We thought it would be worthwhile to remind our readers about popular approaches for significant year-end charitable giving. In particular, this article will review various charitable planning techniques whereby valuable income tax deductions can be generated currently, but the distributions to charitable recipients, and the decision making about which charitable recipients will benefit, may be postponed to later years.
Although charitable gifts can be made throughout the year, the end of the year is a popular time for donors to make final charitable giving decisions. This is mainly because it’s the last opportunity to generate an income tax deduction for the year through a charitable gift. Also, as the holiday season gets underway, business affairs tend to slow down thereby providing some donors with the greatest giving capability extra time to reflect on more personal matters which include fulfilling charitable objectives. Of course, in many cases, another factor is that it’s the only time of the year for many taxpayers to have a handle on the amount of surplus funds they have available for charitable giving after assessing their net income and expenditures for the year.
For folks who have had a particularly high income year (such as may be the case when a donor’s business has had a particularly successful year, or, perhaps, due to a scheduled ROTH IRA conversion), it may be an ideal time to frontload gifts for future years. Such foresight allows a taxpayer to benefit in the current year from an income tax deduction attributable to the charitable contributions to be deployed further down the road. This can be accomplished in a number of ways—such as through a contribution to a donor advised fund, a private foundation, a charitable remainder trust, a charitable lead trust or even a gift of a remainder interest in a house. In considering such potential gifts, donors should check with their tax advisers (or run the numbers themselves) to understand how the potential phase out of their itemized deductions, based on a donor’s income tax bracket, as well as general AGI limitations for charitable contributions, might impact the charitable deduction available for 2017. To the extent a deduction for charitable contributions might be limited in any particular year, generally the nondeductible amount will be available for use over the next 5 years as a “carry forward” item.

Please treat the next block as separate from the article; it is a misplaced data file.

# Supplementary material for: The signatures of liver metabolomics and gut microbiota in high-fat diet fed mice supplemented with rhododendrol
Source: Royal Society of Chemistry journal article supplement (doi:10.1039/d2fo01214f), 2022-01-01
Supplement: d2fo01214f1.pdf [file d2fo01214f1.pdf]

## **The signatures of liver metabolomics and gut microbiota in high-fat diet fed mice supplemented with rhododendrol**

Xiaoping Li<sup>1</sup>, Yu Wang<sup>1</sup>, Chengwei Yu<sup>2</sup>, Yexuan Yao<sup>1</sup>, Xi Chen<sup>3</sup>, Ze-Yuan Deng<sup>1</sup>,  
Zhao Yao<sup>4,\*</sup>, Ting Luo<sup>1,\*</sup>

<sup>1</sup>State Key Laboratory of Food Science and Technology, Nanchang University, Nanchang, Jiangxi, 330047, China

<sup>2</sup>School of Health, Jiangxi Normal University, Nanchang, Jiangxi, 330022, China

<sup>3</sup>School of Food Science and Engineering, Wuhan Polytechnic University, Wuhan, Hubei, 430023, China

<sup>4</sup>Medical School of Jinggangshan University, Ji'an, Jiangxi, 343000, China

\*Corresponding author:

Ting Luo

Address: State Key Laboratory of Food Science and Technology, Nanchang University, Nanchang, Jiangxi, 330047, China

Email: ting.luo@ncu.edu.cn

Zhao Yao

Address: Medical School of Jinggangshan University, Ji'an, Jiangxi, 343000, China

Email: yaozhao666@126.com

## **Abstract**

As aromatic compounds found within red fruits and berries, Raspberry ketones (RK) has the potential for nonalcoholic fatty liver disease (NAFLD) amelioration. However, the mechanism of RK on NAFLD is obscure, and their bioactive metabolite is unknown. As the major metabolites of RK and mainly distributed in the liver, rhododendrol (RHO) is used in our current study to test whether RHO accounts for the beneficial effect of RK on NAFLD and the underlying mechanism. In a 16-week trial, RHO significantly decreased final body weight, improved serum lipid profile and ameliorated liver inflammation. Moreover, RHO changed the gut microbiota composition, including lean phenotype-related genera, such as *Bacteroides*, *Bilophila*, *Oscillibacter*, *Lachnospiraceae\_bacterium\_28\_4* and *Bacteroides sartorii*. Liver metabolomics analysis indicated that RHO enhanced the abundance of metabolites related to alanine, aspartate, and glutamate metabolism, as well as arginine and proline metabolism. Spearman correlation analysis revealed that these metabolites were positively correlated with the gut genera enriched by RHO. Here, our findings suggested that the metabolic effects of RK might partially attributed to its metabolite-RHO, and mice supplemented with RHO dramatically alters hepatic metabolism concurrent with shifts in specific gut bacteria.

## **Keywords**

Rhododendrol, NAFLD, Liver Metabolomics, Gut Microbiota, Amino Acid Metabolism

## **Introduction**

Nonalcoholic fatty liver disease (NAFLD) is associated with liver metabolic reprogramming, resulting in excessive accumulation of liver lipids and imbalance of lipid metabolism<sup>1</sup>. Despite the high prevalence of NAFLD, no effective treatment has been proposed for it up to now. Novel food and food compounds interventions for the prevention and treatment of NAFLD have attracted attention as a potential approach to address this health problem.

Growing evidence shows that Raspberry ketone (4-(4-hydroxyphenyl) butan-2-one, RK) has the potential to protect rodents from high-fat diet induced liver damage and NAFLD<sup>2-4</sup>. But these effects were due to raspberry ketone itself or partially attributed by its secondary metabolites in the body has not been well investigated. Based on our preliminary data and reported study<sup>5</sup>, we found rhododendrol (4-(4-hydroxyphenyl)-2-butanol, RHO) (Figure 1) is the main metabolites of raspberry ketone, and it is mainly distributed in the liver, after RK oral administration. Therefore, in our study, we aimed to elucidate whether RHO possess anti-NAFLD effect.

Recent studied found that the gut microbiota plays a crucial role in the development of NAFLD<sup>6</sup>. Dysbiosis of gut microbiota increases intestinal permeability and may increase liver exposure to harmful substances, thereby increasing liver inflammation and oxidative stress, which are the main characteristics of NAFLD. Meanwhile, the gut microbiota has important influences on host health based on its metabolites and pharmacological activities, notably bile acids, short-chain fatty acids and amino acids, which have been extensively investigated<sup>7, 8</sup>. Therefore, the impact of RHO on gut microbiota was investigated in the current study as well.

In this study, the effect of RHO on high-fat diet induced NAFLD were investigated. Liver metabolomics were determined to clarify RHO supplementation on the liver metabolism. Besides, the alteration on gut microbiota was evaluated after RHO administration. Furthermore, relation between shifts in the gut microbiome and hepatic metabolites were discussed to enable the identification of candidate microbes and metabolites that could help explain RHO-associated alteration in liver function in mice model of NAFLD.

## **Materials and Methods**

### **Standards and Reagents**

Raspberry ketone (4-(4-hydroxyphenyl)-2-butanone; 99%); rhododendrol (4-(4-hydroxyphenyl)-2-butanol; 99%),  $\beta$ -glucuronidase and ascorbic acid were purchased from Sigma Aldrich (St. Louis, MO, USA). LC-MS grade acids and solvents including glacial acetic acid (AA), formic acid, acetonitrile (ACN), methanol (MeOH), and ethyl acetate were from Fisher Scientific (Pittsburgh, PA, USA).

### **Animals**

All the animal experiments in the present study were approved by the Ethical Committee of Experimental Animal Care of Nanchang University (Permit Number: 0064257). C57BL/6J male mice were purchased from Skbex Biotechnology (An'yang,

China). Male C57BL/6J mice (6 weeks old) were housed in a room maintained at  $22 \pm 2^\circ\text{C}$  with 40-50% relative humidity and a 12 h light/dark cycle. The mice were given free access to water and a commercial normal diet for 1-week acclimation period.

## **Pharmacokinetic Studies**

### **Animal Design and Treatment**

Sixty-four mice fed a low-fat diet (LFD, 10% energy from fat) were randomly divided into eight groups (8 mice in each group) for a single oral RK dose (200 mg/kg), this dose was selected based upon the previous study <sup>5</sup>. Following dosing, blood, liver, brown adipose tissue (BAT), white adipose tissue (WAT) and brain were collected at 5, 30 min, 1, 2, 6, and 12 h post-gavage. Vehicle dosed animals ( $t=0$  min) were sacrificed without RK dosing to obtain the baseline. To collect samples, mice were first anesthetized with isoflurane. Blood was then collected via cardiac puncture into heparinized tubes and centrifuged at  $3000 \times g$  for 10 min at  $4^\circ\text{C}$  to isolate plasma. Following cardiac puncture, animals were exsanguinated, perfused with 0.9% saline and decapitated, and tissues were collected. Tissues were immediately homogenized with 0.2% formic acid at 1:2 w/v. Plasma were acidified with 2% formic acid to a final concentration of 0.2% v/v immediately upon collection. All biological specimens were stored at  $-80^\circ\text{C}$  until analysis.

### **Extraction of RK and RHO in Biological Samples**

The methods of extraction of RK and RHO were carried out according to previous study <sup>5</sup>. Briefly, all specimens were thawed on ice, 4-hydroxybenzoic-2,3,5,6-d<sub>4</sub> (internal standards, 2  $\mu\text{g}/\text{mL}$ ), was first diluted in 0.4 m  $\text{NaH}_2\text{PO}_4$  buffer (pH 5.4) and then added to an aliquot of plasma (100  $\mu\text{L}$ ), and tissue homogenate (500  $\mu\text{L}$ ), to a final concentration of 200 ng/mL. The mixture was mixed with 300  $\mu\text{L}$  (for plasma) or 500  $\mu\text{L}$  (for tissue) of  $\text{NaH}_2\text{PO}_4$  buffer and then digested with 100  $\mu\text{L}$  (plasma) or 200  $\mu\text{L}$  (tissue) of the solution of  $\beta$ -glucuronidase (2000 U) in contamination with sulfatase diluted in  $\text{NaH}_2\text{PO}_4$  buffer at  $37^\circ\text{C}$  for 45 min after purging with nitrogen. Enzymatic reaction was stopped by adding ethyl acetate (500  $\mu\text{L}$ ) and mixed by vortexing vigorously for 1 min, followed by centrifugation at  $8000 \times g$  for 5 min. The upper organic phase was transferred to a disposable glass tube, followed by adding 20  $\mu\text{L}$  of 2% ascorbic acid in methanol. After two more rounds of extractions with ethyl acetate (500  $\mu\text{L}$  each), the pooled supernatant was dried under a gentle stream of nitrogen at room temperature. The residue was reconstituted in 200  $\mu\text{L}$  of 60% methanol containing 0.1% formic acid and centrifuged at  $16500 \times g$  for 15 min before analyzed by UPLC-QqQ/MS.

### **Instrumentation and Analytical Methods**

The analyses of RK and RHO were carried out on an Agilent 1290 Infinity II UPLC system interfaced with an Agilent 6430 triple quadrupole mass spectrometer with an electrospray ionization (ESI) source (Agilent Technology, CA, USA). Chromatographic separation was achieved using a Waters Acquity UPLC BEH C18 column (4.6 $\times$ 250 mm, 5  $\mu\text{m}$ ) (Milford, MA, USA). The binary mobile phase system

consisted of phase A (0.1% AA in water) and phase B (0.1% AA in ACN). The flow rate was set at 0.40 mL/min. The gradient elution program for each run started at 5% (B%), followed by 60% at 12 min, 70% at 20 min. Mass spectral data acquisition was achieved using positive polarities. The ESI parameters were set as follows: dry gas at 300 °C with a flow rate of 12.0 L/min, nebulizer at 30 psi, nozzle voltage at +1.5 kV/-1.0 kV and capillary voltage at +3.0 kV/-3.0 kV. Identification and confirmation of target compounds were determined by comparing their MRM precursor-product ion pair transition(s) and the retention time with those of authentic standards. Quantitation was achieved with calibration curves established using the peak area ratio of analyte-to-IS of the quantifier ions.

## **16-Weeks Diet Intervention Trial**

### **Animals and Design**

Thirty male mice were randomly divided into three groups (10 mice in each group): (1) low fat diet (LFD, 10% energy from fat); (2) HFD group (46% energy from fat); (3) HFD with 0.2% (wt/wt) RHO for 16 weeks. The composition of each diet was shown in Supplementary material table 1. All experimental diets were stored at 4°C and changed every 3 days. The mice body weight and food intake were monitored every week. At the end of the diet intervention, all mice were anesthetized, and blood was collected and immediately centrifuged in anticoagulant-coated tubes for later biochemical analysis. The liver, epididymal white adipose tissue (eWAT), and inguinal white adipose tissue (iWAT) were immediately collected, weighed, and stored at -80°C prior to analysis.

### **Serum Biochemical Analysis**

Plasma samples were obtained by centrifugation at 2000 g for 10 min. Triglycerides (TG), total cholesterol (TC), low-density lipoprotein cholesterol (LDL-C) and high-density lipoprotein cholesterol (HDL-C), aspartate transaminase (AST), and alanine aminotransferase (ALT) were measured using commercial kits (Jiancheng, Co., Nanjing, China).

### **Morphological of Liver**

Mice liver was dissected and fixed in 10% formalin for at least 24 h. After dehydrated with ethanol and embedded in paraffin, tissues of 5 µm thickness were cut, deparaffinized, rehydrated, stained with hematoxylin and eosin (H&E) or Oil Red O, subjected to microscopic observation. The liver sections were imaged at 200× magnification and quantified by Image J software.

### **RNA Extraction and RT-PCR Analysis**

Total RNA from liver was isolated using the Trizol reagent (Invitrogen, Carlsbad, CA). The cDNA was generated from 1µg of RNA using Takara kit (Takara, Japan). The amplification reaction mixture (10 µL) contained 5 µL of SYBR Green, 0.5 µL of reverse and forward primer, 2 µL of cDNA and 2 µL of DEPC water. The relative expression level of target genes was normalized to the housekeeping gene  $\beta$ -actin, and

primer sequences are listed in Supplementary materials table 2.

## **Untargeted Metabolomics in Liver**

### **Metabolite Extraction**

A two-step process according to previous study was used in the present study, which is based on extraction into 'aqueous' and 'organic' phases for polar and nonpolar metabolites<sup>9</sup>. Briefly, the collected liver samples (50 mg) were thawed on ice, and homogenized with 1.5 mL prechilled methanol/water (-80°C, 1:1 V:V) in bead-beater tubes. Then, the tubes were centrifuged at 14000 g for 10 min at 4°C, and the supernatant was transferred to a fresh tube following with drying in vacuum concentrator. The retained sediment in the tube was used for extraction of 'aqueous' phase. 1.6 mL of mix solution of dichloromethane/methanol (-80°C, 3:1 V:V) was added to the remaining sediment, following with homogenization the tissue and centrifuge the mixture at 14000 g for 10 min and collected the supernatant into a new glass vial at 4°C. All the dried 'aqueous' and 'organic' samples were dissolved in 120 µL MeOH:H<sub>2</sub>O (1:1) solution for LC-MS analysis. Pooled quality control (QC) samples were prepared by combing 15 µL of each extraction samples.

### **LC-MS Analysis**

The current historically low interest rate environment continues to favor gifts of remainder interests in homes and charitable lead trusts. For gifts made in September 2017, the applicable federal rate (AFR) under Internal Revenue Code Section 7520 (the 7520 rate) for such gifts is 2.4 percent. By comparison, over the last 25 years, the AFR has ranged between 1 percent and 11.6 percent (most recently in January 2013 and May 1989, respectively). For those who wish to take advantage of the low interest rate opportunities, it’s important to note that we may be moving away from them going forward. We have already seen an increase of 1.0 percent since last September when the 7520 rate was 1.4 percent.
The charitable deduction attributable to the gift of a remainder interest in a donor’s home, which passes to the designated charity upon the donor’s death, is calculated based on the age of the donor, the current AFR, and the current value of a home. For a home worth $1 million, a 60-year-old can generate a current charitable deduction of $616,650—by contrast, if the AFR were at 8 percent rather than 2.4 percent, the deduction would only be $253,800. That is because the lower the AFR is, the higher the charitable deduction will be for a charitable gift of a remainder interest. Also, the older the donor is, the higher the deduction that can be generated will be.
A charitable lead trust (CLT) involves a gift to a trust from which a set amount (annuity) (a CLAT) or percentage of trust assets as redetermined annually (unitrust) (a CLUT) must be distributed to one or more charities for a set number of years (or for the lifetime of the donor or another individual) after which the remainder passes to noncharitable beneficiaries (typically descendants of the donor). Although the donor may not retain the right to change the charitable beneficiaries in a CLT, the trust may be drafted in such a way to allow someone else to change the charitable beneficiaries each year, if advisable.